The butcher's apron and the Bund

The butcher's apron and the Bund

Dear friends,

I've been writing an essay about British Christian settler colonialism for months now. I'm not sure how the essay starts but I think do know how it ends - that is, with some provocations on home, and the bargains that are made for it; bargains that for many of us began in the historic migrations of our families and communities in the last three centuries, an act that Gayatri Chakravorty Spivak, talking about moving from the country to the city or the third world to the first, once referred to as "hopes for justice under capitalism".

We return and are returned to this history when, those of us who are the descendants of settlers in white British Christian colonies such as Australia, New Zealand, Canada and the United States, join demands like #decolonize, #LandBack, #FreePalestine. I suspect the work of Christian-British-descended settlers of these colonies in decolonisation is to carefully trace, face, and reconsider the inter-generational bargain as it wears thinner and thinner, rinsing and repeating the butcher's apron to the point of bloody threads.

In particular, I wonder if we need to re-member British Christian colonial ‘settlement’ as a faith project that required a decisive severance of roots, active participation in genocide, and the implantation of a mendacious story of historical process and foundations. Settlers need faith in a very precise way, and the British Empire's included a faith in the extractive capitalism that is currently destroying people and planet faster than the Panama Canal's original projected shipping times. (Including, indeed, the Panama Canal).

In her excellent book Doppelganger: A journey into the mirror world, Naomi Klein suggests that Jewish radical thought is so strong in our catalogue of hopes and designs for a world beyond capitalism in part because thinkers like Eleanor Marx and Walter Benjamin and Rosa Luxembourg, faced in their own times with murderous anti-Semitic blame for the ills of society, were trying to show us who 'the real enemy' of the average person is under capitalism. That is, capitalism itself and the people who benefited the most from it - the monarchs, aristocrats, landlords, industrialists, politicians and clergymen who hoarded the wealth created by working people, peasant farmers, and Indigenous custodians of the land.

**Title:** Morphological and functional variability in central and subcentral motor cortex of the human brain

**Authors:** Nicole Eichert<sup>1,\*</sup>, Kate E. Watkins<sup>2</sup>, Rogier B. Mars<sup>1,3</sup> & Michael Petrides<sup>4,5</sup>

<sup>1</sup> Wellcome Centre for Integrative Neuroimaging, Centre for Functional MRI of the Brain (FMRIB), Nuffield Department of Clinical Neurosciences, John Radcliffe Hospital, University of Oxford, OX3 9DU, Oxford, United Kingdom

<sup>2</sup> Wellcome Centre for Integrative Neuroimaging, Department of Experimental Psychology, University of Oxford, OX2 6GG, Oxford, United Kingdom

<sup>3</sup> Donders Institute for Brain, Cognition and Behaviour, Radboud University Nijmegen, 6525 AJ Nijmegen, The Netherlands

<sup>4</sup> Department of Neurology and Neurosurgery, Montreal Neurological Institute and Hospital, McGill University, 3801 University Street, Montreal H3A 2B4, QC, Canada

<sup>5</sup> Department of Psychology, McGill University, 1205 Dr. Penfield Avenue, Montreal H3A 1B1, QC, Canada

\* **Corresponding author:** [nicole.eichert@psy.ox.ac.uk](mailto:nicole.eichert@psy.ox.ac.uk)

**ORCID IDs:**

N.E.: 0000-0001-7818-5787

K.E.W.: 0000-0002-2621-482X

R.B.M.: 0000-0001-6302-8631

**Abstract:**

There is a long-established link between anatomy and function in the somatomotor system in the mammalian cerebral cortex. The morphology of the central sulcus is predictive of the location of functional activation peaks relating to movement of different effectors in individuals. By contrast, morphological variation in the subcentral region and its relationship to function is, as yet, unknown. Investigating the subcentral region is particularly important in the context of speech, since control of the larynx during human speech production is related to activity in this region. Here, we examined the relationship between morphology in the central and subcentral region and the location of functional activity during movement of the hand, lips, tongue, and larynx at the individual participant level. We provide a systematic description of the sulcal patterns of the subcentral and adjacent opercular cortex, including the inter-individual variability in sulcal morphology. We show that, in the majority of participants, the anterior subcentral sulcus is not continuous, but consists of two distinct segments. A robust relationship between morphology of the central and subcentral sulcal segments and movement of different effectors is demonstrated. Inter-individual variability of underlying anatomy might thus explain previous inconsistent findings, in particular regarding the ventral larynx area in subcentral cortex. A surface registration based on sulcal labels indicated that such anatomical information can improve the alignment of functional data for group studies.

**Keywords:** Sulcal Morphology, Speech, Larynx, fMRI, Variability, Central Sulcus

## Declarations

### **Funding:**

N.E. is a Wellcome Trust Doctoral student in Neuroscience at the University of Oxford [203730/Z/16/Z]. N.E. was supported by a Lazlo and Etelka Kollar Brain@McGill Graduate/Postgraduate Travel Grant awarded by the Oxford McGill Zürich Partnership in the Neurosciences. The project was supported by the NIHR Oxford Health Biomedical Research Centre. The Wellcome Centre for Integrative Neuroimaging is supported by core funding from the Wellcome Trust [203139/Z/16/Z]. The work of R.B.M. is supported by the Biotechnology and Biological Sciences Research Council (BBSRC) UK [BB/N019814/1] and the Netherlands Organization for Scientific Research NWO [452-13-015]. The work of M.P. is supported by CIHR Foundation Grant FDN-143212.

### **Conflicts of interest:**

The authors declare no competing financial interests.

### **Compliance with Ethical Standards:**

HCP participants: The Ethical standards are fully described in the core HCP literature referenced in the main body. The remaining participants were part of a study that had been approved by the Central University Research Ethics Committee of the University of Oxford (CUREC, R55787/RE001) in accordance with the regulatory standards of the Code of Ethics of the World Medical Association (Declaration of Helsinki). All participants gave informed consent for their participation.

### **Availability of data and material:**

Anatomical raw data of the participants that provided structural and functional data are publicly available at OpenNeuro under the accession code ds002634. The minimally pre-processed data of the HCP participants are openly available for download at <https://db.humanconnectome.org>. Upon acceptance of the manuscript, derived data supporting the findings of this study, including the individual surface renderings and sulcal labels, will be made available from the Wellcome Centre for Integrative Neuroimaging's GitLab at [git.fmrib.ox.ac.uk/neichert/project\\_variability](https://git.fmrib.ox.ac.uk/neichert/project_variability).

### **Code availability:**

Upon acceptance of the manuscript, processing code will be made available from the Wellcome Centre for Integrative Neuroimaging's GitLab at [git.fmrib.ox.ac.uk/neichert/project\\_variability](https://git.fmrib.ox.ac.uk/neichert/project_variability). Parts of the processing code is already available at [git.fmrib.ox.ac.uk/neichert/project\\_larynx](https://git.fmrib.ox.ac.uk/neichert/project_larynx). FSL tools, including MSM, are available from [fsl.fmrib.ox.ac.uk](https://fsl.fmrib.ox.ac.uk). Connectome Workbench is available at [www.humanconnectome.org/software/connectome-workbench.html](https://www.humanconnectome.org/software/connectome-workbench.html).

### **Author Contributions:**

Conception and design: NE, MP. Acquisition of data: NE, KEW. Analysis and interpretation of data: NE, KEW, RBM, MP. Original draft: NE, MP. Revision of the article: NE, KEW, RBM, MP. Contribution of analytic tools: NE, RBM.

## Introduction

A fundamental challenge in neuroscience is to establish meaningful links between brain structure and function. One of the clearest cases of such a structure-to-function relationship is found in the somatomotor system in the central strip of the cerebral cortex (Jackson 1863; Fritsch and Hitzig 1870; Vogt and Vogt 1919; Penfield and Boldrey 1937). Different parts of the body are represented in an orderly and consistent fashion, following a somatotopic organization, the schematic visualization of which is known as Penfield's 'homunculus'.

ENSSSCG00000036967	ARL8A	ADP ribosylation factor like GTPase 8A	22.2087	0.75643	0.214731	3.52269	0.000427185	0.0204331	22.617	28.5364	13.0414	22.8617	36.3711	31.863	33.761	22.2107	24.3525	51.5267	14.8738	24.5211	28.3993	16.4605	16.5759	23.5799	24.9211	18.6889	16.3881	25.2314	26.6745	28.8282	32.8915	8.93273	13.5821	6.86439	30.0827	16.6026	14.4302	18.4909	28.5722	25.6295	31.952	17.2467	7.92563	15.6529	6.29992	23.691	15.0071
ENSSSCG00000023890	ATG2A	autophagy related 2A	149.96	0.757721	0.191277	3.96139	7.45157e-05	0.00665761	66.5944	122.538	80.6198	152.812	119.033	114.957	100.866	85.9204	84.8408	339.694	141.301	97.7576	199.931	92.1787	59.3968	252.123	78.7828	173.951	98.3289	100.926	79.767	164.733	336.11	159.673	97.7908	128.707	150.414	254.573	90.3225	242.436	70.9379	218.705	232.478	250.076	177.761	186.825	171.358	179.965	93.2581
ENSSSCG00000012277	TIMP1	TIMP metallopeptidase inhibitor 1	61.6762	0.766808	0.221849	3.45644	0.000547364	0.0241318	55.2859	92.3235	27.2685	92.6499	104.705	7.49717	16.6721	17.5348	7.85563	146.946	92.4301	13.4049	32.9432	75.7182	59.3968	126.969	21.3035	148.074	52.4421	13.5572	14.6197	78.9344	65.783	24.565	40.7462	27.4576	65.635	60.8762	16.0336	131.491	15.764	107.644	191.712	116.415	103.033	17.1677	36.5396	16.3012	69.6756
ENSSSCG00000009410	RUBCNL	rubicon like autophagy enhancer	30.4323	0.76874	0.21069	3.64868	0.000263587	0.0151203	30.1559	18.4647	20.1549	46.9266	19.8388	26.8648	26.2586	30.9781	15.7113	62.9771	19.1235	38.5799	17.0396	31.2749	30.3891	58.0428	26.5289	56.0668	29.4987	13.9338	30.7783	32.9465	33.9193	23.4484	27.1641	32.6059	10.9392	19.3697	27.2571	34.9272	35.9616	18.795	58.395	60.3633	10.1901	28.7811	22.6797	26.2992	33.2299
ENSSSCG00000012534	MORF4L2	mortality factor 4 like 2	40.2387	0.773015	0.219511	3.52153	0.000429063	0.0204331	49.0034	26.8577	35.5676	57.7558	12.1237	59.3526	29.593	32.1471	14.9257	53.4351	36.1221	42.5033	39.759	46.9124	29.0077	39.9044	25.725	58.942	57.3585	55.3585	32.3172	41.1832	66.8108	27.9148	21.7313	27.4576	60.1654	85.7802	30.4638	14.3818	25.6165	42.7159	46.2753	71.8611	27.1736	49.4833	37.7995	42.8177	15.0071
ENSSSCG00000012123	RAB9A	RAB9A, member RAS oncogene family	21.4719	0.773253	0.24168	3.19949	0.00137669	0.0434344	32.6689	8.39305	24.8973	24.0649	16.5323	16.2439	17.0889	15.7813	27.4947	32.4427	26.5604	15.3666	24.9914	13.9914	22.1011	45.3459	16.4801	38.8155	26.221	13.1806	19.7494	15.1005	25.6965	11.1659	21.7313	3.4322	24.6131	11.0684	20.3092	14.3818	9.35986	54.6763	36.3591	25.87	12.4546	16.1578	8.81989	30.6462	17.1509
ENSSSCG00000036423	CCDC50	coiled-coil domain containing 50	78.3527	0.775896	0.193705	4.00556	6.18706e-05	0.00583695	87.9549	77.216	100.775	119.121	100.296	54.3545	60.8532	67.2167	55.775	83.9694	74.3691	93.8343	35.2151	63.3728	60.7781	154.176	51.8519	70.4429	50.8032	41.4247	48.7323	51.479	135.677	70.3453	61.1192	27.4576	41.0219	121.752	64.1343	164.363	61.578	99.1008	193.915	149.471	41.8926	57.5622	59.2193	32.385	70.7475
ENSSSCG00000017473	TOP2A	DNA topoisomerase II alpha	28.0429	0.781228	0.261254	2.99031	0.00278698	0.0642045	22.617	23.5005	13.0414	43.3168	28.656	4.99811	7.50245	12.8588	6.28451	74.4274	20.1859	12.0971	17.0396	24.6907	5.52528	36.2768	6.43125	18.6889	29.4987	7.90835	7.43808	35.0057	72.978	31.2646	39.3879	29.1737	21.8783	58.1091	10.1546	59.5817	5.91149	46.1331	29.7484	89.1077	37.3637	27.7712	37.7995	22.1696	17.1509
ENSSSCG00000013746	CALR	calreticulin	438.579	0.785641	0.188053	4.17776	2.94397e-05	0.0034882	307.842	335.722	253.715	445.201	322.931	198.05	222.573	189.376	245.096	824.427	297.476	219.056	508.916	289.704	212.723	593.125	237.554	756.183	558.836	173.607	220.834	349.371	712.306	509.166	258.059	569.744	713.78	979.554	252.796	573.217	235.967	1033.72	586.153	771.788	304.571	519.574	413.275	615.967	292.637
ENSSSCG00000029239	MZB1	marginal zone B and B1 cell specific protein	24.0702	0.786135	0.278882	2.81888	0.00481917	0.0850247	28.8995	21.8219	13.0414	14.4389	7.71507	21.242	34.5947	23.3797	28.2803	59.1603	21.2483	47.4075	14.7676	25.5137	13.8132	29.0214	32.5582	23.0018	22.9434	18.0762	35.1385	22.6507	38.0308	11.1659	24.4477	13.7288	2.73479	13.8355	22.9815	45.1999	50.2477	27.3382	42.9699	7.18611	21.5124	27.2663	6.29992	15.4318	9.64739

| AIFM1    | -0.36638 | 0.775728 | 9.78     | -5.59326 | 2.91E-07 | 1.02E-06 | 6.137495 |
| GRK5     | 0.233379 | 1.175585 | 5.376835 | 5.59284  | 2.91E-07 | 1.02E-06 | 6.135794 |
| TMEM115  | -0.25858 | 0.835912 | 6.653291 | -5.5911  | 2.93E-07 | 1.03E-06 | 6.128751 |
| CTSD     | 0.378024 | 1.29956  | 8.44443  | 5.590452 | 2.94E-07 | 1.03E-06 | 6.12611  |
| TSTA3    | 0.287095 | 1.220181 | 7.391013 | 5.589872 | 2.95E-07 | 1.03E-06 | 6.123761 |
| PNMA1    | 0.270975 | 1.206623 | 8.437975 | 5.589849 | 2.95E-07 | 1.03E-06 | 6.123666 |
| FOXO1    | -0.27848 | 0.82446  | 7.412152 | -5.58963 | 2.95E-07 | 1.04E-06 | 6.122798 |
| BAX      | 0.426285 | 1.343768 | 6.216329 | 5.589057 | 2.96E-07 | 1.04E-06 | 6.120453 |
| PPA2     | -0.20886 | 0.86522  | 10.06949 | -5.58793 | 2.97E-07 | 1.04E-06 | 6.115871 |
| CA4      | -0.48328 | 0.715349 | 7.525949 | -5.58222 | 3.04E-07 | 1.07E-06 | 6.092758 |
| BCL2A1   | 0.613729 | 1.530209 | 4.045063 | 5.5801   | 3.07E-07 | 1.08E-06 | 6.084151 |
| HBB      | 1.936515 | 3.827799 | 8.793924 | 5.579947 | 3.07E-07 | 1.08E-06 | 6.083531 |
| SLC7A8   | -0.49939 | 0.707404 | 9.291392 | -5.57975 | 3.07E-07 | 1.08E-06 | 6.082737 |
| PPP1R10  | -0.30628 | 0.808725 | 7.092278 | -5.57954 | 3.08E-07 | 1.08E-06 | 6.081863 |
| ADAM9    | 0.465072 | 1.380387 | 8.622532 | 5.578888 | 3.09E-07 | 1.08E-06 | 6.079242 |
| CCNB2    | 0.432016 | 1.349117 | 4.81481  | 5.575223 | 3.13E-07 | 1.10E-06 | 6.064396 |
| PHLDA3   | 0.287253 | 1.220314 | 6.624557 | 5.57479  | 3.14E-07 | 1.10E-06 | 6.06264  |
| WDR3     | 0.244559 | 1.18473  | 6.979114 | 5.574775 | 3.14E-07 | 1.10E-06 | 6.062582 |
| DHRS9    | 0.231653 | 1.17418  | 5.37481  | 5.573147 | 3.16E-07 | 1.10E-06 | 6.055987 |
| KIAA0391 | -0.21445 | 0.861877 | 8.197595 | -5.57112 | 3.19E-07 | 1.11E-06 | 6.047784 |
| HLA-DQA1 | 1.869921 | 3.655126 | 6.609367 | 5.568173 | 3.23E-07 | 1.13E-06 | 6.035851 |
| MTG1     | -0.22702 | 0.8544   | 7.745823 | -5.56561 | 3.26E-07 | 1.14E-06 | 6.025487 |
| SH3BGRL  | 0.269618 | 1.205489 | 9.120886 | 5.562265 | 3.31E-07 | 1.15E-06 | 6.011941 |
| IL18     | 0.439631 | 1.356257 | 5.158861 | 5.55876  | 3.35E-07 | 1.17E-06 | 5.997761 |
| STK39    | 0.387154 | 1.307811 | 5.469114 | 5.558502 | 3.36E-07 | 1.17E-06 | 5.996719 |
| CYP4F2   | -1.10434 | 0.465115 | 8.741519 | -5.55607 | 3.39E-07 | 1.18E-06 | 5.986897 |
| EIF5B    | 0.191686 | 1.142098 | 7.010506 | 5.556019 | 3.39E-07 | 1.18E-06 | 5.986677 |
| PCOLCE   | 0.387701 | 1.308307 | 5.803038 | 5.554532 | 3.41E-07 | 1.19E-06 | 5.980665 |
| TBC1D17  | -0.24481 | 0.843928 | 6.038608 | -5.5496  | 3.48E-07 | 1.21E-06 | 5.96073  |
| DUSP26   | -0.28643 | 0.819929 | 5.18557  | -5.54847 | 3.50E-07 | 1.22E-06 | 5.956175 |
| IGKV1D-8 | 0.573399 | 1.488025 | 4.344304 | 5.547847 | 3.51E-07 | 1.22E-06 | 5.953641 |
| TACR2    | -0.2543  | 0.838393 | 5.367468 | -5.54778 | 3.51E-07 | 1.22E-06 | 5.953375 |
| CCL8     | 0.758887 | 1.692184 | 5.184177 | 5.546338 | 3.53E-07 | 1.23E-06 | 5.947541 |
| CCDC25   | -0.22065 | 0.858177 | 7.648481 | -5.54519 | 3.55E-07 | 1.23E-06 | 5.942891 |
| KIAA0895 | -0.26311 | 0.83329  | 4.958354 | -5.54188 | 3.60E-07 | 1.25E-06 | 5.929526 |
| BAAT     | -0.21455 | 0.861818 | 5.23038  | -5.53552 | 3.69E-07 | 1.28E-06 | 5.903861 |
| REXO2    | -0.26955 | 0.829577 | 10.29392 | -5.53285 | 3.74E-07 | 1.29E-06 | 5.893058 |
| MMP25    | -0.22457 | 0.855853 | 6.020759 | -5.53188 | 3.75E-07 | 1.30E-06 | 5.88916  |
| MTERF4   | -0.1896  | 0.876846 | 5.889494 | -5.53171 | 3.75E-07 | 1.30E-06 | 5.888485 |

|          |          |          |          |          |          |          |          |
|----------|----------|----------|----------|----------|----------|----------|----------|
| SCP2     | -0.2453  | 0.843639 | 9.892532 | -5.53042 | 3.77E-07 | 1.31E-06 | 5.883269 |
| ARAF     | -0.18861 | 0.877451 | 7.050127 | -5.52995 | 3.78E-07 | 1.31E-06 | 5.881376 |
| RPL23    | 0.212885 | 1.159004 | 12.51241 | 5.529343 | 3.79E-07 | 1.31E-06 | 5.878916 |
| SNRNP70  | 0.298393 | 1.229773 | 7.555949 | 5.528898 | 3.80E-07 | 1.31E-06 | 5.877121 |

Of particular salience to imagining other ways of organising ourselves, Klein describes the debate between ‘hereness’ and ‘thereness’ in Jewish political thought in Europe, with the ‘hereness’ of the Jewish Labor Bund project opposed directly to Zionism. Within 'hereness', Jewish people would fight for their human rights to exist within the rule of any nation-state and indeed refuse the displacement of Palestinians that would be necessary to the creation of Israel - a continuing event that was directly inspired by, and is crucially distinct from, the brutally bordered 'thereness' that intersects with British settler colonialism. As James Baldwin wrote in 1979:

"The Zionists—as distinguished from the people known as Jews—using, as someone put it, the “available political machinery,’’ i.e., colonialism, e.g., the British Empire—promised the British that, if the territory were given to them, the British Empire would be safe forever." - James Baldwin, Open Letter to the Born Again

At any rate, with the annihilatory scale of the destruction of Palestine and Palestinians, particularly since October 7, it is difficult to say anything else other than please, please can it stop. Please help Gaza by supporting the Freedom Flotilla, sending e-sims, donating to other reputable and effective aid efforts, and making the links at home, like protesting at work or on campus and raising the cost of the war to governments and corporations through boycotts and supply chain disruptions.